A Guide to Being Self-Employed in the UK
After qualifying, personal trainers and group exercise instructors have two main career paths available to them: employed or self-employed.
Being employed means that a set wage will be paid for work done which can provide a financial safety net but also means that earnings are usually capped.
Self-employment means that individuals are responsible for generating their own income but there is no cap on potential earnings and much more work flexibility.
Many fitness professionals take control of their businesses by becoming self-employed. Being self-employed is characterised by taking payment directly from clients, being responsible for sales and marketing and, in many cases, paying rent to use facilities such as gyms or sports halls.
Fitness professionals can be part of a business partnership, be set up a limited company or most commonly, work as a sole trader.
Registering for HMRC tax
Individuals who want to be considered as self-employed must register themselves as such with HM Revenue and Customs (HMRC). This will allow the correct calculation and payment of income tax and national insurance. New traders can do this online at https://www.gov.uk/new-business-register-for-tax however previously self-employed persons will need to submit a CWF1 form.
Application takes ten working days after which an activation code is generated that will then allow the individual to log onto their personal Government Gateway account and complete the process. This is also where most HMRC dealings are managed.
Registration for self-employment must be done in a timely fashion – ideally as soon as an individual starts trading but no later than the 5th of October in the businesses second tax year. Late registration will attract penalties, the severity of which depends on the length and nature of the delay.
If the business turns over an excess of £82,000 it must also be registered for VAT. This can also be done online.
Filling in tax returns
Once registered as self-employed, individuals are responsible for filling and submitting their own tax returns. This is normally done twice a year – the 31st January and 31st of July. The tax return contains details of income and expenditure from which the HMRC will calculate the amount of tax owed. Tax returns can be submitted online via the Government Gateway or by post in paper form.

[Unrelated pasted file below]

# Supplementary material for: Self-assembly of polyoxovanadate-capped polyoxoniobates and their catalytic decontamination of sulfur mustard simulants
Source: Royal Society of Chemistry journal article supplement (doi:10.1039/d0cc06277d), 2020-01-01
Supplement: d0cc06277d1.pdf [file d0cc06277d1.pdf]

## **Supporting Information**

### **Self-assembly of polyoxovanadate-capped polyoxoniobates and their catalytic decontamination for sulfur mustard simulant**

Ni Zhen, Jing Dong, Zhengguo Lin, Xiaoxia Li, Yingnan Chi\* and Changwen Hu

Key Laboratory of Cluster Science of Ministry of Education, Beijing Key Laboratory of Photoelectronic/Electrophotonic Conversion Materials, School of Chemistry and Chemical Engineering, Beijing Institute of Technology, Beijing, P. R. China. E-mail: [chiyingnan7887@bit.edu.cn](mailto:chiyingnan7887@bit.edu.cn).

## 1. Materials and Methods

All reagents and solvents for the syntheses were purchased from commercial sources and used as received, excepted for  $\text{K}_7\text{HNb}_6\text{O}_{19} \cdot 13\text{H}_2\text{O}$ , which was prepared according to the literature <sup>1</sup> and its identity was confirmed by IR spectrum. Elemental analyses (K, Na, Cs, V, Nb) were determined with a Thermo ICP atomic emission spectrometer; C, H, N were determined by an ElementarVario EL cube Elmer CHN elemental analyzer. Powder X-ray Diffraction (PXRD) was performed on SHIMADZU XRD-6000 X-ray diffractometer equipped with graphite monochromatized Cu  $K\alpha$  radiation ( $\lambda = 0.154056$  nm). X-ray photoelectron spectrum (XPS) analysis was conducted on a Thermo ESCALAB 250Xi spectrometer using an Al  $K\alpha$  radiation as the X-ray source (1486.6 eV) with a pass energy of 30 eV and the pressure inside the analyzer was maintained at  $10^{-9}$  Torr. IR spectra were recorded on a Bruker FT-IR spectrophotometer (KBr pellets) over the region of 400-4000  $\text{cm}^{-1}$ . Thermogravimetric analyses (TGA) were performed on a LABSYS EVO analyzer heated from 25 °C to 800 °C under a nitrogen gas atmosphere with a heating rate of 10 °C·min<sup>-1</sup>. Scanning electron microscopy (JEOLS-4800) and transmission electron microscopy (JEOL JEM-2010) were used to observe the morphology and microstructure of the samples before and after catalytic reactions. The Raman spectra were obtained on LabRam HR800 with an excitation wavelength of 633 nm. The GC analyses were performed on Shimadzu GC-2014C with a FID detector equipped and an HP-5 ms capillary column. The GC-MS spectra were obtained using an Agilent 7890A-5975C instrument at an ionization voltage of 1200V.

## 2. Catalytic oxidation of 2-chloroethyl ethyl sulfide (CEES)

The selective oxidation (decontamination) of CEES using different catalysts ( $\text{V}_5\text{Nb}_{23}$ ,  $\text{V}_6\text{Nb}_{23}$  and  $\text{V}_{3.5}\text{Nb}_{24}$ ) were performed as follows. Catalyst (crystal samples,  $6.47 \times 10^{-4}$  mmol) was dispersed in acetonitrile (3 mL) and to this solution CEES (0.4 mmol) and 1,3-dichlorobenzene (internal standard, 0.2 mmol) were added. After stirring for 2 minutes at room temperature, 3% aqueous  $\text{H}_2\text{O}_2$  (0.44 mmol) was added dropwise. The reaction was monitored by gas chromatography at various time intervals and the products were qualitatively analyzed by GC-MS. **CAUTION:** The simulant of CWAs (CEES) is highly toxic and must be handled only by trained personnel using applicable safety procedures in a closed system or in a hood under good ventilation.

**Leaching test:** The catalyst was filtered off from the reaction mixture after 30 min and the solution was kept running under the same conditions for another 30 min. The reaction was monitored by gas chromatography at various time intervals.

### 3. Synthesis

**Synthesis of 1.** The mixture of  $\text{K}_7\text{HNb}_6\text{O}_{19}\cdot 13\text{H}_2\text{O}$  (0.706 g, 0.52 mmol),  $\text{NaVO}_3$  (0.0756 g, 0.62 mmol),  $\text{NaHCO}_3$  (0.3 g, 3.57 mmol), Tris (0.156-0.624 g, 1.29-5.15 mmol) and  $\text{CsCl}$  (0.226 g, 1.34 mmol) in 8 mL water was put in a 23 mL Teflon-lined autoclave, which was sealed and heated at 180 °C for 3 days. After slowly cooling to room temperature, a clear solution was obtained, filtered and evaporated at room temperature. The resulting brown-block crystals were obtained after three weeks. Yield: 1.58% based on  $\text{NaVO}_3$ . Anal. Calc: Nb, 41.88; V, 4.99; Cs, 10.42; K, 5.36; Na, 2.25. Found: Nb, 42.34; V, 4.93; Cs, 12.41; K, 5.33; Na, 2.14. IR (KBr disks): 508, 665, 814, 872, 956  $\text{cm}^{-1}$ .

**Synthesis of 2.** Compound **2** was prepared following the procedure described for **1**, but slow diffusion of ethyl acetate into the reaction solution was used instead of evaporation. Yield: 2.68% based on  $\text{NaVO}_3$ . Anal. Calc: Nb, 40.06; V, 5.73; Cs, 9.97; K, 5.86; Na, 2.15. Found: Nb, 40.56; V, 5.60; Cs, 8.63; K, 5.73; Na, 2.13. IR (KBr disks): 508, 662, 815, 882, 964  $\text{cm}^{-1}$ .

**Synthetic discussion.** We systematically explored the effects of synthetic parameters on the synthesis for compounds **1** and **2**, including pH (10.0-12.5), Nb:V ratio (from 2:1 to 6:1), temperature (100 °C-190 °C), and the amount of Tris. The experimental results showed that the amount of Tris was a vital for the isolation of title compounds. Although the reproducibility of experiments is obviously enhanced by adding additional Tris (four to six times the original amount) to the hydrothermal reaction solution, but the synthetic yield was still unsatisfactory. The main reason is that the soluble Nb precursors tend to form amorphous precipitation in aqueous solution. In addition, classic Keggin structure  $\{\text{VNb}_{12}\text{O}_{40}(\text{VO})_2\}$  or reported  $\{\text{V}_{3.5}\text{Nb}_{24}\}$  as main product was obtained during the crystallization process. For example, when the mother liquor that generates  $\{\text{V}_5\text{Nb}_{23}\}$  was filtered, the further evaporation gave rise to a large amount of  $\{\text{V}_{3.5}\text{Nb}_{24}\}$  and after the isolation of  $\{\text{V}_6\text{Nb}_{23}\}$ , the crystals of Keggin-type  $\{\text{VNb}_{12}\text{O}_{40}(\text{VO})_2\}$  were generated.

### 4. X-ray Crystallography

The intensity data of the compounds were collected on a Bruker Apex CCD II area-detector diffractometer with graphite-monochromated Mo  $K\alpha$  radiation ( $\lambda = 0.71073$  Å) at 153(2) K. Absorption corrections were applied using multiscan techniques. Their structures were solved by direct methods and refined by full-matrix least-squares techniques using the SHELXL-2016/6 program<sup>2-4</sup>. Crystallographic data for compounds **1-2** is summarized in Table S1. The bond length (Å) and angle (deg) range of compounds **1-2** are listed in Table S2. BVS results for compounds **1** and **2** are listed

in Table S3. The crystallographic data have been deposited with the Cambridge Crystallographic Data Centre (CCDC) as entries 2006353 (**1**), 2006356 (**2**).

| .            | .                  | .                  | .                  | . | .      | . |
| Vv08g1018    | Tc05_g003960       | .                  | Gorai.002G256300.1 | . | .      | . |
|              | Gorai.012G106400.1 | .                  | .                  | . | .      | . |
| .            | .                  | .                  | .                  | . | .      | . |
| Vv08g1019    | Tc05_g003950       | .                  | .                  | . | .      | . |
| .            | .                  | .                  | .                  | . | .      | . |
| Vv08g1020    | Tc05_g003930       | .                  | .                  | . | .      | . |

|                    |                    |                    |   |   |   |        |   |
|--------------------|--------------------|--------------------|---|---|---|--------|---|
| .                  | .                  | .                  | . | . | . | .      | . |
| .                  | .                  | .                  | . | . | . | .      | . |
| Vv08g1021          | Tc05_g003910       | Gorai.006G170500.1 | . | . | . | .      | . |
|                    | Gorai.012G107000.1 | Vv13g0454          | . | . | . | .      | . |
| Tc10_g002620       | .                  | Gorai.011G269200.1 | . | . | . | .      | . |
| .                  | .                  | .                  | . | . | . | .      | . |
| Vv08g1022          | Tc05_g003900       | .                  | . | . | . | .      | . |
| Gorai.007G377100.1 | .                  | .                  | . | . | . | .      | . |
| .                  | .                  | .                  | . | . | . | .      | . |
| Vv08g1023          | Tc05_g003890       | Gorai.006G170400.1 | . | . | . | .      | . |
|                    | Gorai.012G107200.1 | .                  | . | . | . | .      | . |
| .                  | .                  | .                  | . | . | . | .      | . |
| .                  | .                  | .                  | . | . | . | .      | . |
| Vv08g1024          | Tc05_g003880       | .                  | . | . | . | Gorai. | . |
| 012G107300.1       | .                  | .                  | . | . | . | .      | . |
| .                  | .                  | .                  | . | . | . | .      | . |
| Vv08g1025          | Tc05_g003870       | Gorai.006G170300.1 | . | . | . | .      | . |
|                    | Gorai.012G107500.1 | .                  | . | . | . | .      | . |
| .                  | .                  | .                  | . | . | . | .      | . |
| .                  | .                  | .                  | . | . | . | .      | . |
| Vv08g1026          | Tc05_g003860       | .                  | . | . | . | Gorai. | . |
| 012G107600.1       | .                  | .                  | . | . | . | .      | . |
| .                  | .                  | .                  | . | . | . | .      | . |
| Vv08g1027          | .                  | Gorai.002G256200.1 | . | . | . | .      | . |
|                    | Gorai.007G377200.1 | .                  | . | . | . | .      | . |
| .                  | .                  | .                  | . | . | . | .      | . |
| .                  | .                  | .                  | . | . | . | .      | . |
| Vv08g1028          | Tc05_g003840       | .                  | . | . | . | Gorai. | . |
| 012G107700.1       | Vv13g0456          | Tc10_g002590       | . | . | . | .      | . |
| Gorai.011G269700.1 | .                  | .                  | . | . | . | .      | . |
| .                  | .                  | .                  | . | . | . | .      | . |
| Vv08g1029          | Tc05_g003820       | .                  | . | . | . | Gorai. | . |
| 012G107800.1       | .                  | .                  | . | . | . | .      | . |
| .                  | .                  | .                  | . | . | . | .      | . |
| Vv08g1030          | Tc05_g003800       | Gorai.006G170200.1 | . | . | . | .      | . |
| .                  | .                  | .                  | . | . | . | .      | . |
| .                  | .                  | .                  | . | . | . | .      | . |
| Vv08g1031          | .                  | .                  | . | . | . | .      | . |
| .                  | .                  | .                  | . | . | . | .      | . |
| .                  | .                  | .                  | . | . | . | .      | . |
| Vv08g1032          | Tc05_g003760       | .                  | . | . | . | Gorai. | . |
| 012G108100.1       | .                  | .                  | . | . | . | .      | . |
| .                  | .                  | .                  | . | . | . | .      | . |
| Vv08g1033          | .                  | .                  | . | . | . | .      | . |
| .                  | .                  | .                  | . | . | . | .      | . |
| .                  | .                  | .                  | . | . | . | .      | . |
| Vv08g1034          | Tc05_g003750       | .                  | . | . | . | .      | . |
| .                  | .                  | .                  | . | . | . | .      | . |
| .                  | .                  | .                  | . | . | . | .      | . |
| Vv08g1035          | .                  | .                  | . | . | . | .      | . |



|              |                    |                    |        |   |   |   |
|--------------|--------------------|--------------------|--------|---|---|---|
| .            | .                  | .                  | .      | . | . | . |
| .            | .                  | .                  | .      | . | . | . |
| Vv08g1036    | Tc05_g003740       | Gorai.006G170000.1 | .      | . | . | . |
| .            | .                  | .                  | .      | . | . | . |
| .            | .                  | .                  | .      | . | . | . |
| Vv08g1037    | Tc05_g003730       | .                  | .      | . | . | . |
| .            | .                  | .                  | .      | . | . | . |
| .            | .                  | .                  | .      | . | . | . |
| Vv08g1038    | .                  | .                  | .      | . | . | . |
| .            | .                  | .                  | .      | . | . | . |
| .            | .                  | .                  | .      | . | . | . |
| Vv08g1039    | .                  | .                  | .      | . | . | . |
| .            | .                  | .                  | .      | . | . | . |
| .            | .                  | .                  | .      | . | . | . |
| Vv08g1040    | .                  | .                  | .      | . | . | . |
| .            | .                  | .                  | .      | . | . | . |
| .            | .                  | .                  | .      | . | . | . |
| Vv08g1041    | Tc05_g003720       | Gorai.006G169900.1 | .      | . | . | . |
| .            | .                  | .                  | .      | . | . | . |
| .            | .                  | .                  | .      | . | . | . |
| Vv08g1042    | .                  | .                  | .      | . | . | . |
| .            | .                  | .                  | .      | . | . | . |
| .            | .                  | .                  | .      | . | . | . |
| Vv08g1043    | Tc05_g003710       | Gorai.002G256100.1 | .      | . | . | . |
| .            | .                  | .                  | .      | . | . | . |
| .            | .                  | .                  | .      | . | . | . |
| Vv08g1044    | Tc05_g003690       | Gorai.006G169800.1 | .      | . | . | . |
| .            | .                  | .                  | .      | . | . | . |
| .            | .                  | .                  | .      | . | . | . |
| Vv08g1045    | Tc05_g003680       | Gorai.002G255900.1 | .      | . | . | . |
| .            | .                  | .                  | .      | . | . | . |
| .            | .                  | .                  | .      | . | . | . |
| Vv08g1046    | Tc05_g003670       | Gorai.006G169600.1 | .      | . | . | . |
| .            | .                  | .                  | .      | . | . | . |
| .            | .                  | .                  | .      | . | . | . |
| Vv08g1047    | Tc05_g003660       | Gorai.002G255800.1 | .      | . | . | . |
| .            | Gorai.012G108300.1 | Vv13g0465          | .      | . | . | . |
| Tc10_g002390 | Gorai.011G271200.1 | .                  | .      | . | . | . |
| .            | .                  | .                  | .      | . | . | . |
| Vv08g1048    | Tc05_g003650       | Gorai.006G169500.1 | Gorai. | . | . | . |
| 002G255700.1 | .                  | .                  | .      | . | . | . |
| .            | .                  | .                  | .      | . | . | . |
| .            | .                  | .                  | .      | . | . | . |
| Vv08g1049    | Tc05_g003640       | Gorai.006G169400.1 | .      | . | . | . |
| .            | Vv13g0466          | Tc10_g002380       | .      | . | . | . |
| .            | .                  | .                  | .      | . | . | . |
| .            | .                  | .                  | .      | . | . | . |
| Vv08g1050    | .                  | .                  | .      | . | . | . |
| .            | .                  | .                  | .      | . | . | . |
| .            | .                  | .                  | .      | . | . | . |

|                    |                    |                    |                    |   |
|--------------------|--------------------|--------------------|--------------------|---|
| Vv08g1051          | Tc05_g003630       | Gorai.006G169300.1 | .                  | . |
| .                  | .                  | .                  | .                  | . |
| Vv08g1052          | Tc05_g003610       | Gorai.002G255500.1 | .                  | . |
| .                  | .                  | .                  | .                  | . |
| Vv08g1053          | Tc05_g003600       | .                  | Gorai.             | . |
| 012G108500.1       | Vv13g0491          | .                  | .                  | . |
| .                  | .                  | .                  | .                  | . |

To ensure all the necessary information is available, self-employed individuals should get into the habit of recording the details of all financial transactions, issuing invoices and receipts, keeping receipts for purchases and saving all bank statements. The best way to make this task as easy as possible to put time aside each week or month for bookkeeping.
Some self-employed people engage the services of an accountant or tax adviser to help with the preparation of tax returns. While there is a cost for such a service, a good accountant or adviser may be able to identify tax-deductible expenses and their familiarity with tax can often save a lot of valuable time that could otherwise be spent working and earning more money. When choosing an accountant or tax adviser, make sure they are members of the appropriate professional bodies and hold the necessary qualifications.
Help and advice for completing tax returns is also available online or by calling the self-assessment helpline on 0300 200 3600.
Opening a business account
For tax purposes, personal and business finances should be kept separate. For this reason, self-employed individuals are encouraged to open a bank account for all business-related transactions.
Many banks offer specific business accounts which provide useful services such as low interest overdrafts, favourable interest rate loans and access to small business advisors.
Branding and intellectual property
Self-employed individuals often create a brand – even if that brand is their name e.g. John Smith Personal Training. Such a brand has an intrinsic value that customers will come to recognize. For this reason, the name under which an individual trades can be registered with the Intellectual Property Office (IPO) to protect it and prevent other people using it.
Other examples of similarly protected intellectual property include designs, ideas, and articles and are all protected from unauthorised use.
If, subsequently, another party uses an individual’s intellectual property, even unintentionally, it may be possible to prevent usage from continuing or seek damages providing they are registered with the IPO.
The importance of insurance
Self-employed individuals are generally responsible for their own insurance. Insurance will limit personal financial liability in the case of accident or injury.
There are two main types of insurance that are pertinent to self-employed exercise professionals:
- Public liability insurance
Public liability insurance covers the trainer should someone be injured as a result of the business or if third-party property is damaged by the trainer or the client.
- Professional indemnity insurance
Also known as professional liability insurance, professional indemnity insurance covers against alleged professional negligence.
Trading without adequate insurance means that, if an incident should occur and legal action is taken against the self-employed individual, costs will be the responsibility of the person being sued. In some circumstances, for example serious injury, this could run into millions of pounds.
While it may seem a little daunting, registering and then trading as self-employed is actually a relatively straightforward process. Once the necessary hoops have been jumped through, being self-employed offers several advantages including no earnings ceiling, flexibility and independence and the satisfaction that is gained by creating and maintaining a business. Being employed may be in some ways easier but can also be much less rewarding.